All parents want when they send their child off to kindergarten is to see them succeed for years to come. But how can you ensure your child is setup to get good grades, attend an amazing college, and take on the world like a pro? It actually has less to do with the brain and more to do with the heart.
There are a million social reasons to encourage your children to develop their EQ. We already know that children with high EQ grow up to be great leaders and strong problem solvers. But what about the neuroscientific benefits of challenging and growing your EQ?
In 1990, the world was introduced to the term “emotional intelligence” (aka EI or EQ) as a new means to understand human intellect when Peter Solovey and John D. Mayer posited the significance of EQ in their article titled “Emotional Intelligence.”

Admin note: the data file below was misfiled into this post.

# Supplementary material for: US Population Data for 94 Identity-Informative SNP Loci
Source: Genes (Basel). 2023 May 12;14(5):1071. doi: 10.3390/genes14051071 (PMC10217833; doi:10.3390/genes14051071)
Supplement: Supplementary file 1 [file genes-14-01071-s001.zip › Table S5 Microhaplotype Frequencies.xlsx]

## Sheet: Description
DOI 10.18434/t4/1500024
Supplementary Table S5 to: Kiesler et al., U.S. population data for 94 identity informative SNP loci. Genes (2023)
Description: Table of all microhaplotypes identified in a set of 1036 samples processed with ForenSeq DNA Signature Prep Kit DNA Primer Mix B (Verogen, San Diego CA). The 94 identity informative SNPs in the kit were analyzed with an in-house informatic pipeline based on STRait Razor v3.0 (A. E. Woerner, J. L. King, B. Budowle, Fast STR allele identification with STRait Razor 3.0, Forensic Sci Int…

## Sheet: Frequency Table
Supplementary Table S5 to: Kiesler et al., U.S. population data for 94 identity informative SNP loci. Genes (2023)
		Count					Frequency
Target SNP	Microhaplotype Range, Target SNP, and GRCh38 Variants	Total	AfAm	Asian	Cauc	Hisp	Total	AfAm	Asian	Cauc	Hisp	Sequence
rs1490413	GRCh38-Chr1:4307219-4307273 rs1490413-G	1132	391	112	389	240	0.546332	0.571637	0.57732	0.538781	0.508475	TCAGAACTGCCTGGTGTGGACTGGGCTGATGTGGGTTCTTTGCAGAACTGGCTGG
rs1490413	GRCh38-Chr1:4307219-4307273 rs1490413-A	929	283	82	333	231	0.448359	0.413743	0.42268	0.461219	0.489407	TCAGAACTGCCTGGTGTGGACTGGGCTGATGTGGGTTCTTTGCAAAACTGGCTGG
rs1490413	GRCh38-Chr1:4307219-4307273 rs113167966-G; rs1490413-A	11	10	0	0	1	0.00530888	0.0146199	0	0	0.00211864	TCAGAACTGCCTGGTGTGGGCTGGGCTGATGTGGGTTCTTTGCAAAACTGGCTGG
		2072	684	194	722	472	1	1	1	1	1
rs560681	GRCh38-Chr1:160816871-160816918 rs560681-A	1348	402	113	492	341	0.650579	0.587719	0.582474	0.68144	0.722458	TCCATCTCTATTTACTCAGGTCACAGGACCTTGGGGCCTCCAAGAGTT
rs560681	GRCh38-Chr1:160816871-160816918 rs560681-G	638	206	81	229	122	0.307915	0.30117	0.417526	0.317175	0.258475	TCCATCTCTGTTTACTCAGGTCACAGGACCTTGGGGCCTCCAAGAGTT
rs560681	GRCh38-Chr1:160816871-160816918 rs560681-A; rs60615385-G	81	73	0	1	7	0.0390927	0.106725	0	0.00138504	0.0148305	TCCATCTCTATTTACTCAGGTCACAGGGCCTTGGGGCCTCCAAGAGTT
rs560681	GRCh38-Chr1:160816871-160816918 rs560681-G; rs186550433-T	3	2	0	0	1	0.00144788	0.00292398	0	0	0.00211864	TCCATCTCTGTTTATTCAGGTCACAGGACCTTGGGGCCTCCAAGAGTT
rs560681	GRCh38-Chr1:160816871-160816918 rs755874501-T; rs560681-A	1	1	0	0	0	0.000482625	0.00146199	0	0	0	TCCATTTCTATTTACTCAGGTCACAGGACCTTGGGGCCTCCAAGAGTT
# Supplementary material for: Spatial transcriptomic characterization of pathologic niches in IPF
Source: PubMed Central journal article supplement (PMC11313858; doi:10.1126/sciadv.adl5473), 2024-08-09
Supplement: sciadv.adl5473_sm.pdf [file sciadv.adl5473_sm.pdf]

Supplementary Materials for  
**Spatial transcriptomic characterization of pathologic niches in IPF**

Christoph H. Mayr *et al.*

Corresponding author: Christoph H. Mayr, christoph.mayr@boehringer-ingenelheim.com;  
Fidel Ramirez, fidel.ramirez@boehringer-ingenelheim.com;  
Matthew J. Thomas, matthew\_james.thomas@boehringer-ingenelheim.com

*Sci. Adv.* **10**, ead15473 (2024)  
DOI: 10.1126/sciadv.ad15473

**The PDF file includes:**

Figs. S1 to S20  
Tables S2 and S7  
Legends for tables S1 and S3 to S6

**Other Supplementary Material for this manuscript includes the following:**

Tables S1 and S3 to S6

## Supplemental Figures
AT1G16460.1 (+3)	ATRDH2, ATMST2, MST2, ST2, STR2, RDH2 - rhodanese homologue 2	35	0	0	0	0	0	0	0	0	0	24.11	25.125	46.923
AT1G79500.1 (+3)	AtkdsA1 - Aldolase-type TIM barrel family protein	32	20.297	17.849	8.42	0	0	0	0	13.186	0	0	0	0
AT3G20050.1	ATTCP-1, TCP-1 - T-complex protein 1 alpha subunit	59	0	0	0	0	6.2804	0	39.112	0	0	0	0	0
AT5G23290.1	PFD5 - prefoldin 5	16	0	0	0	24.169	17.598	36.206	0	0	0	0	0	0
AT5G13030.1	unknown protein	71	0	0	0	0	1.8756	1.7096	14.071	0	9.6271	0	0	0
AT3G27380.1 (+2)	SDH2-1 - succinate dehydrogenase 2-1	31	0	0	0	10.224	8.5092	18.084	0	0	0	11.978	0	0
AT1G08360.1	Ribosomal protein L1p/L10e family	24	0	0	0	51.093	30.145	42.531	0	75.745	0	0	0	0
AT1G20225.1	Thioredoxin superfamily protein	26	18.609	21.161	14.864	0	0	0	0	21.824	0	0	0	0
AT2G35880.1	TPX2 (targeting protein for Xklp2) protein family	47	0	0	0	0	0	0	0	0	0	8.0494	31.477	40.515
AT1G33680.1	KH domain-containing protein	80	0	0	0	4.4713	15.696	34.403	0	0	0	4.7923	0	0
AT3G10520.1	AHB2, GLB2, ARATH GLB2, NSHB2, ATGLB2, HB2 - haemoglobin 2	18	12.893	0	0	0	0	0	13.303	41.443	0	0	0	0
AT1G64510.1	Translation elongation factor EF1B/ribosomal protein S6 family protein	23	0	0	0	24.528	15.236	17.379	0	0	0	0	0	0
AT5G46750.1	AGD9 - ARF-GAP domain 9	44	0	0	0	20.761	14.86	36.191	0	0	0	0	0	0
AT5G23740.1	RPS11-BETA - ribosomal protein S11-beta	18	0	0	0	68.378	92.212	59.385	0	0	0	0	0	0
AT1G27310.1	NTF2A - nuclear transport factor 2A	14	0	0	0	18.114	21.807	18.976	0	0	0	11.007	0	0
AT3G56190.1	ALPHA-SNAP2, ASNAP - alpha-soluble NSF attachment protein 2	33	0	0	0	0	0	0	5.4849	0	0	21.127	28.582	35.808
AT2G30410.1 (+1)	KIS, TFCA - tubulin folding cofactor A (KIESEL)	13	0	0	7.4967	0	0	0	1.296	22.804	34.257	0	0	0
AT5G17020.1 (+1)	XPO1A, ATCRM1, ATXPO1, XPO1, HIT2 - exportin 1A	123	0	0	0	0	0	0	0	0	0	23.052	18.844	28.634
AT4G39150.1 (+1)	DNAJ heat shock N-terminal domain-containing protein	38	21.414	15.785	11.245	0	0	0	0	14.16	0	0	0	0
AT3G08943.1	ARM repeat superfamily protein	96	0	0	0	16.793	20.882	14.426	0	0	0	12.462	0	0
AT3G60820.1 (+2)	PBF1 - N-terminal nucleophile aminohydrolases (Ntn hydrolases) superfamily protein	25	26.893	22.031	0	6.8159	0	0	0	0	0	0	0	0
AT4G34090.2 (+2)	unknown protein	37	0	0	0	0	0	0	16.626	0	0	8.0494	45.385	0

Depression and anxiety are significant mental health concerns for children. According to the National Institute of Mental Health (NIMH), more than a quarter of teens (ages 13-18) suffer from anxiety disorders and almost 6 percent battle with a “severe form” of the disorder. The NIMH also reports that “in 2015, an estimated 3 million adolescents aged 12 to 17 in the United States had at least one major depressive episode in the past year.”
Emotional intelligence wasn’t always a known—or acknowledged—component of success until 1990 when psychologists John D. Mayer and Peter Salovey published their paper on what would later become a new way of defining intelligence. Not only did the paper introduce the term ‘emotional intelligence’ or EQ to the world, it also led to a new understanding of how our emotional make-up impacts our lives.
It’s shocking, but somewhere between one in four and one in three students in the U.S. has been the target of a bully. Bullying is most prevalent in middle school and targets students who are seen as being different. Students who are bullied experience increased feelings of sadness and loneliness which can lead to depression and anxiety.